“I definitely wish they were able to storm the court because it brings even more of a connection between the students and players,” Gibbs said. “I shot a buzzer-beater against Providence in the 2010 season that I wish could’ve been redone, mainly because the students didn’t storm the court. A buzzer-beater is one of the best feelings you can have as a player. Enjoying the feeling with the fans makes it even better.”
Managing editor for The Athletic and CBS broadcaster Seth Davis, however, appreciates the Zoo’s mindset. Davis has been outspoken against storming the court for three main reasons. The first reason is safety. There is a great possibility for people to get hurt when large numbers of fans rush onto a space. The second reason is fights, which have occurred between opposing teams and fans.
The last reason Davis despises court-storming is respect.
“The players and the referees, they’ve earned the right to be on the court,” Davis said. “That’s a sacred space … and I understand that fans are excited and they want to celebrate, but I think if you can’t have fun and can’t celebrate in the stands, then you probably shouldn’t be at the game in the first place.”
Davis also believes storming the court is the highest compliment you can give to the opposing team because it shows you didn’t expect your team to beat them. And while he sees no reason for fans to ever storm the court, if there was a fan base that should want to storm the court, it should be that of the team who hasn’t won a conference game in a while — say, 690 days.
“The fact that the Pitt Students have taken the stand, I’m extremely impressed by that. That’s very impressive to me, they’re my new favorite student section,” Davis said. “It’s very cool, like, ‘Yo, we expected to beat you. We lost 20 in a row and won 10 games last year, but we expected to beat you.’ I like it. I’m impressed, it gives me hope for the future of America.”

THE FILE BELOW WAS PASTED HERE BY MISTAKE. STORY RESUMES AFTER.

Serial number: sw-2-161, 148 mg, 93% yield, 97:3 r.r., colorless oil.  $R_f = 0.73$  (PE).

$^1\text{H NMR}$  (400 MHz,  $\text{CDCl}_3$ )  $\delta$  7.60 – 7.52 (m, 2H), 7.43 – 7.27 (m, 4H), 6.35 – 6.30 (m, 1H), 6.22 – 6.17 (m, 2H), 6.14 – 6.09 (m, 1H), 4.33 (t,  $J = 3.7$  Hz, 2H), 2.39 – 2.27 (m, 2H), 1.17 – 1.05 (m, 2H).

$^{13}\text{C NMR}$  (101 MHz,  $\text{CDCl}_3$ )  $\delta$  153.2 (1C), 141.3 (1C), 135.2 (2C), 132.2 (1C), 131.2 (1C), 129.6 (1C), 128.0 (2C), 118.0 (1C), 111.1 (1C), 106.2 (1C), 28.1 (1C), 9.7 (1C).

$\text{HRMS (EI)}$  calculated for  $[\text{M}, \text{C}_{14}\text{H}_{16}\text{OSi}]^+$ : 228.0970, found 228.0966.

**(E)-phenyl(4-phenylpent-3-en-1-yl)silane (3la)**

Current player sophomore Khameron Davis also respects the Zoo’s decision not to storm the court, since he knows regardless they still support the team.
“I personally love the Oakland Zoo,” Khameron Davis said. “They are already amazing, if they want to storm the court, they can storm the court. If they don’t, then it’s cool, I know they love us and we love them back and that’s all that really matters to me.”
The Oakland Zoo doesn’t have any plans to storm the court Tuesday, when Pitt plays against No. 2 Duke. But that could change if the Panthers upset the Blue Devils, as Vice President Hope Gast said it’s unlikely they can stop 1,000 excited student fans. But Sellers doesn’t expect any court-storming to happen.
“I wouldn’t plan on it,” Sellers said. “If people decide they want to, they can try, certainly, but we aren’t going to plan anything. We expect to win.”
If Pitt wins and the Oakland Zoo does storm the court for the first time at the Pete, they have Cohen’s blessing.
“If we beat Duke on Tuesday night, to announce we are back, then I absolutely would condone storming the court because that happens when it’s total euphoria,” Cohen said.